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How to Avoid the Perils of Business Growth

Growth is usually a sign of business success, but it requires planning to keep your cash flow, debt and expenses in balance.

Growth can be a double-edged sword for small and mid-sized businesses. Growth represents progress, and it’s certainly preferable to the alternatives: stagnation and decline. It also offers rewards and new opportunities for the company’s leaders and employees.
Unplanned growth, especially if very rapid, can lead to significant financial and operational problems and, in a worst-case scenario, business bankruptcy.
To avoid such dangers, owners should plan their business growth strategically instead of growing for the sake of growth.
If you’ve hit a plateau and are wondering if you should take steps to grow your business, consider the following carefully.


Managing Business Cash Flow

Small business success is all about managing cash flow and working capital. This means the first step in planning for growth requires a thorough understanding of how growth will impact cash flow, debt and expenses.
You don’t want to carry too much debt relative to income, and you don’t want fixed costs to become too high. Both situations are warning signs that growth is hurting your company.
Instead, project the costs involved in the expansion and decide if those costs can be covered by your current cash flow. If you don’t accurately project your cash flow needs, expansion may result in undercapitalization and jeopardize your business.
By planning for growth, a company can build a firm foundation to support the expanding business. For instance, a business might develop new services and products that will support future growth through predictable increases to monthly cash flow. Another company might diversify their client base geographically to ease the future impact of regional economic downturns.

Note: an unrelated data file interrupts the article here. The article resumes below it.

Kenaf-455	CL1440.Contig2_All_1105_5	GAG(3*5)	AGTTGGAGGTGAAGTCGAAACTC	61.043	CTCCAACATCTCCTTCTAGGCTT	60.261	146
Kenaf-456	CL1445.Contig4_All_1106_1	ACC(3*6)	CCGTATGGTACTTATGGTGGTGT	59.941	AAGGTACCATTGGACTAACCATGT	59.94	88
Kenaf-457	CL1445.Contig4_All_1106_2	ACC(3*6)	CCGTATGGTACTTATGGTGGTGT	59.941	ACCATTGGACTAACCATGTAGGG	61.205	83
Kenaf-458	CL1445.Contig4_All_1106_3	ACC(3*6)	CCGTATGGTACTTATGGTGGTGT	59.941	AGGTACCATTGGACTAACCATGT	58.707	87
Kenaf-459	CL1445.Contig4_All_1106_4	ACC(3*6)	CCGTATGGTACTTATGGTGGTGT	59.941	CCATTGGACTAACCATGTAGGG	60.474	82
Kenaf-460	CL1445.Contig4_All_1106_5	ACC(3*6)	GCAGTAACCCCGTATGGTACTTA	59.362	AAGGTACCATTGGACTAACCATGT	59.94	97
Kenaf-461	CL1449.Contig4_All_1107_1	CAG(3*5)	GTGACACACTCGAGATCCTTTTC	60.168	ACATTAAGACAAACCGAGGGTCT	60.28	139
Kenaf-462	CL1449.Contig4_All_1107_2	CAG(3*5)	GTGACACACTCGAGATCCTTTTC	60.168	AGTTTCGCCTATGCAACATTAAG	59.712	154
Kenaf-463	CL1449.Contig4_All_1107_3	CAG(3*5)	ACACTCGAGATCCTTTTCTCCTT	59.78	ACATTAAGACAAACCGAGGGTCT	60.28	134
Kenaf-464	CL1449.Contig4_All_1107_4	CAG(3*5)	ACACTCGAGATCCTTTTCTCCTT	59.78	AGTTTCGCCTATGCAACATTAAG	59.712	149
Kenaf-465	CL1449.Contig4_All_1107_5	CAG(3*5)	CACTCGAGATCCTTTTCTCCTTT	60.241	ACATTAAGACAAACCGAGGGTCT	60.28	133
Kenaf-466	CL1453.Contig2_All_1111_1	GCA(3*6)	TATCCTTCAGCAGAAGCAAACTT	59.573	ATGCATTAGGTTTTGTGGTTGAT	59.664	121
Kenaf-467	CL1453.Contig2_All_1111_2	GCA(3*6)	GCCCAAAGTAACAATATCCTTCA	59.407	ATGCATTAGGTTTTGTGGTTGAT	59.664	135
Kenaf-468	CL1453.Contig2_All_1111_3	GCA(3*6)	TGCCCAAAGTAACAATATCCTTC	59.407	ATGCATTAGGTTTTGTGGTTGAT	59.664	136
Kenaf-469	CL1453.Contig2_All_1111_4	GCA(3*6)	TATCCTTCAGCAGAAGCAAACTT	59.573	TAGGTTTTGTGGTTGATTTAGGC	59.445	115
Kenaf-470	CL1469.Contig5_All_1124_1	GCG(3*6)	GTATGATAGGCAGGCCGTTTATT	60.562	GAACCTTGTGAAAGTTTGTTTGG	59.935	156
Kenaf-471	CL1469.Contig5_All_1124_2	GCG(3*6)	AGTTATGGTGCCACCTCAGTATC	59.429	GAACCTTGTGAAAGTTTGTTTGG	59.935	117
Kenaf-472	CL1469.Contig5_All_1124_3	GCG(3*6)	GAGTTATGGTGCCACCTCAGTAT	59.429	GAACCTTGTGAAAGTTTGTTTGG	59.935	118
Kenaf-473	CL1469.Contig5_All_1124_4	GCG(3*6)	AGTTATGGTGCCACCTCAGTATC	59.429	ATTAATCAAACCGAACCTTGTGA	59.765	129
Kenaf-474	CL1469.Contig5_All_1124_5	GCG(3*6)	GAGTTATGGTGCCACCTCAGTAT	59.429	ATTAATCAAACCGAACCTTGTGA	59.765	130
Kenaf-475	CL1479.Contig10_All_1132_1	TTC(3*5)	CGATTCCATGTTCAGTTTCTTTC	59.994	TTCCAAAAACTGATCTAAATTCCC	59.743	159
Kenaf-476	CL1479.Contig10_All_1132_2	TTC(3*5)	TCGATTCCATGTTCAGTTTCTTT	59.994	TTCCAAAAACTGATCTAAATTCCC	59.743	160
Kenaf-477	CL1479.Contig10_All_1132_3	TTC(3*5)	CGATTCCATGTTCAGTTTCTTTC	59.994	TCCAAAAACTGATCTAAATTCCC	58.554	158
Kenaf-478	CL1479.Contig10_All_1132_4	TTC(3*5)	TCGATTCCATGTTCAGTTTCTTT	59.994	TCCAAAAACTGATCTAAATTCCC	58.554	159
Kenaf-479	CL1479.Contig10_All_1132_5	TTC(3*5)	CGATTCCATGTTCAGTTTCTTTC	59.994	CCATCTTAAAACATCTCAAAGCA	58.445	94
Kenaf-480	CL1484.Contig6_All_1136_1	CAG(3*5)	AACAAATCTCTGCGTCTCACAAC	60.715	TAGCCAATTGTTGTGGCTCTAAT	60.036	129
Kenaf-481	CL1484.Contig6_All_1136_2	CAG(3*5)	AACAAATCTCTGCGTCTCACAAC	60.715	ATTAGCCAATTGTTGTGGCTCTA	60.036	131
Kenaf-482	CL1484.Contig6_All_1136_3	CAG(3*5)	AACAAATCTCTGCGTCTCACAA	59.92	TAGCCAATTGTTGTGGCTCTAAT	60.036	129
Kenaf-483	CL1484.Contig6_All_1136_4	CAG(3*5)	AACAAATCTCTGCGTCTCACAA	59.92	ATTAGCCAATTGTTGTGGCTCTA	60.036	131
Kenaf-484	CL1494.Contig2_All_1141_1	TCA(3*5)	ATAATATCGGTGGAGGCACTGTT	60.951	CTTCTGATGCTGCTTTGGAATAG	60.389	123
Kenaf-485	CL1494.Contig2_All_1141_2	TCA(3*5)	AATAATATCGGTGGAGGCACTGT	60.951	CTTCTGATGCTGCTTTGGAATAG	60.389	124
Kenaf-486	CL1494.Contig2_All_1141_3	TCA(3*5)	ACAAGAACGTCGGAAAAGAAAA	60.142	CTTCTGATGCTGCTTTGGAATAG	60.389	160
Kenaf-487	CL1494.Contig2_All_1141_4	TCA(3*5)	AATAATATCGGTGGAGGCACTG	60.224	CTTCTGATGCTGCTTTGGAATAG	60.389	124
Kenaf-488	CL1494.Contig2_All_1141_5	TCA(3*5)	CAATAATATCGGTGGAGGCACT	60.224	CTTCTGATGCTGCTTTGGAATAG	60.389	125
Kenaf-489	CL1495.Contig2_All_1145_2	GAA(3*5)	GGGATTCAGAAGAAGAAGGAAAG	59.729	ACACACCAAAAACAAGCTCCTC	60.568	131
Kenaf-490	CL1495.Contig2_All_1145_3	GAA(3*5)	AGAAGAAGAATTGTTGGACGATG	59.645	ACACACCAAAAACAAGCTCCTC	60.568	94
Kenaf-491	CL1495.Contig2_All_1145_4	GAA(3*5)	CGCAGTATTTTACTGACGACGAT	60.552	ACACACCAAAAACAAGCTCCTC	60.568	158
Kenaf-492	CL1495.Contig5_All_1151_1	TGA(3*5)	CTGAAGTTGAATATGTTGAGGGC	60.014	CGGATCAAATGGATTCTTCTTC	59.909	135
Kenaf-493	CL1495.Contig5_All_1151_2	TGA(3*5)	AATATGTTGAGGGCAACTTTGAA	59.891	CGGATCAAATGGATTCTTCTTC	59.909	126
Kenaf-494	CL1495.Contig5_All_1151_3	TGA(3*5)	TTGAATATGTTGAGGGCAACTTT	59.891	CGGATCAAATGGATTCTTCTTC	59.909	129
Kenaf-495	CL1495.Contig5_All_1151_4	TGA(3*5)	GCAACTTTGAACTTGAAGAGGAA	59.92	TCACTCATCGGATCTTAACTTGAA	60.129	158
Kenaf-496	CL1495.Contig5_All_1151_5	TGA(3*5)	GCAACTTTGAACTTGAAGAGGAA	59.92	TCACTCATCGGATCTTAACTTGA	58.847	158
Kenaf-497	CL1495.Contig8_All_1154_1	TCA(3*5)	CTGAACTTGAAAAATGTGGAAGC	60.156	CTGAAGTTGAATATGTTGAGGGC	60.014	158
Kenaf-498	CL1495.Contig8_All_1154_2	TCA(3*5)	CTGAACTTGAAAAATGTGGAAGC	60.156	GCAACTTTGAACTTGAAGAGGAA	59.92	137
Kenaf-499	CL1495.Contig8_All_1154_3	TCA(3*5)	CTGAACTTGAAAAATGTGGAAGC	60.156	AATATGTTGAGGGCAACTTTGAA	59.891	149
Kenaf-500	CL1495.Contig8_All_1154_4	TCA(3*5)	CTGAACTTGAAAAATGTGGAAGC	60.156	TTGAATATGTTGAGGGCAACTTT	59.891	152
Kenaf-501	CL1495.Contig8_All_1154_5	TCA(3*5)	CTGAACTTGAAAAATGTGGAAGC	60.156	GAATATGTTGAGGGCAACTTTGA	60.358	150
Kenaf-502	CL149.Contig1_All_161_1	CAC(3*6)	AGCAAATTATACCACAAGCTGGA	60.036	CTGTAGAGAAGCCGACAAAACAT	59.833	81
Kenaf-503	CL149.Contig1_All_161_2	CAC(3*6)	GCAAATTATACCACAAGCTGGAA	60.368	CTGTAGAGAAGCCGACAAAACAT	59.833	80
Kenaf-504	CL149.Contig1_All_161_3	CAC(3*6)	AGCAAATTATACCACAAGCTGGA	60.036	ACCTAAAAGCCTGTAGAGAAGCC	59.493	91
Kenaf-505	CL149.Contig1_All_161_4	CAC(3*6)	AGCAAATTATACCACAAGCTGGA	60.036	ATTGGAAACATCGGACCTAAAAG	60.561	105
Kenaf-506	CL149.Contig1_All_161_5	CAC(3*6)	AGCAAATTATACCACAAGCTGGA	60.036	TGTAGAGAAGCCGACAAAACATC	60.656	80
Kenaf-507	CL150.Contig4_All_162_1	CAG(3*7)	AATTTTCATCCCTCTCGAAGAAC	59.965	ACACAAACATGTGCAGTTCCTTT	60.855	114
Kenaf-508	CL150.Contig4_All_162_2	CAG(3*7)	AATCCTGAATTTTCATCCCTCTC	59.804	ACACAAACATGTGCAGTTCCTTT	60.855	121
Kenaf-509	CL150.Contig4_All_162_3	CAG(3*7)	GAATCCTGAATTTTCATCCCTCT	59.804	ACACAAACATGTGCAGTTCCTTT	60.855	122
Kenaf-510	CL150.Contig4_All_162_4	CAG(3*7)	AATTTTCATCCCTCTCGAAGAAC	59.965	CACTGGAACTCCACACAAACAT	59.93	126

Financing Your Business Growth

Most businesses rely on some type of cash infusion to fund a growth initiative. Sometimes business growth can be funded using retained earnings in the business, but more often, owners need to turn to an outside financing source for additional working capital — typically a business bank.
However, business loans are not a one-size-fits-all product. You need the right type of loan for your particular growth plans.
For example, most growth initiatives are long-term endeavors so the business funding should come from long-term financing. This means you don’t want to finance equipment and real estate purchases with a line of credit.
A term loan, equipment loan or lease is a better option for financing these kinds of assets, leaving your revolving credit open to fund true working capital needs.
Part of planning for growth is figuring out at what point the business will be stabilized financially and then projecting future cash flow based on this.
If a company is growing rapidly, stabilization might not occur for two to three years or even longer. There will be cash flow challenges during this time, which can lead to severe undercapitalization if not planned for in advance.
Term loans, construction loans, commercial mortgages and Small Business Administration (SBA) loans are a few of the other options that can be used to help fund business growth.
Equity, meanwhile, is the sale of business ownership interests to outside investors in return for cash to fund growth. Private equity firms, venture capitalists and angel investors are the most common sources of equity financing.
Which type of growth financing is best for your business? Each has advantages and disadvantages. The choice is made by deciding which one is best for an individual company’s growth targets.


Experienced Advisors Are Key

The key to successful small business growth is for owners to surround themselves with advisors who are experienced in helping firms in their field grow. This includes the company’s financial team, your CPA, attorney and business banker.
Part of planning for business growth is identifying whether you have the right financial team in place. Your CFO may know how to manage a $3 million company, but not a $36 million one.
The same with your attorney or CPA. You may need to bring in outside consultants with more specialized knowledge or practical experience than the consultants who helped your company in its early days.
Contact a Cadence Bank specialized business banker today for help navigating the challenges of business growth.

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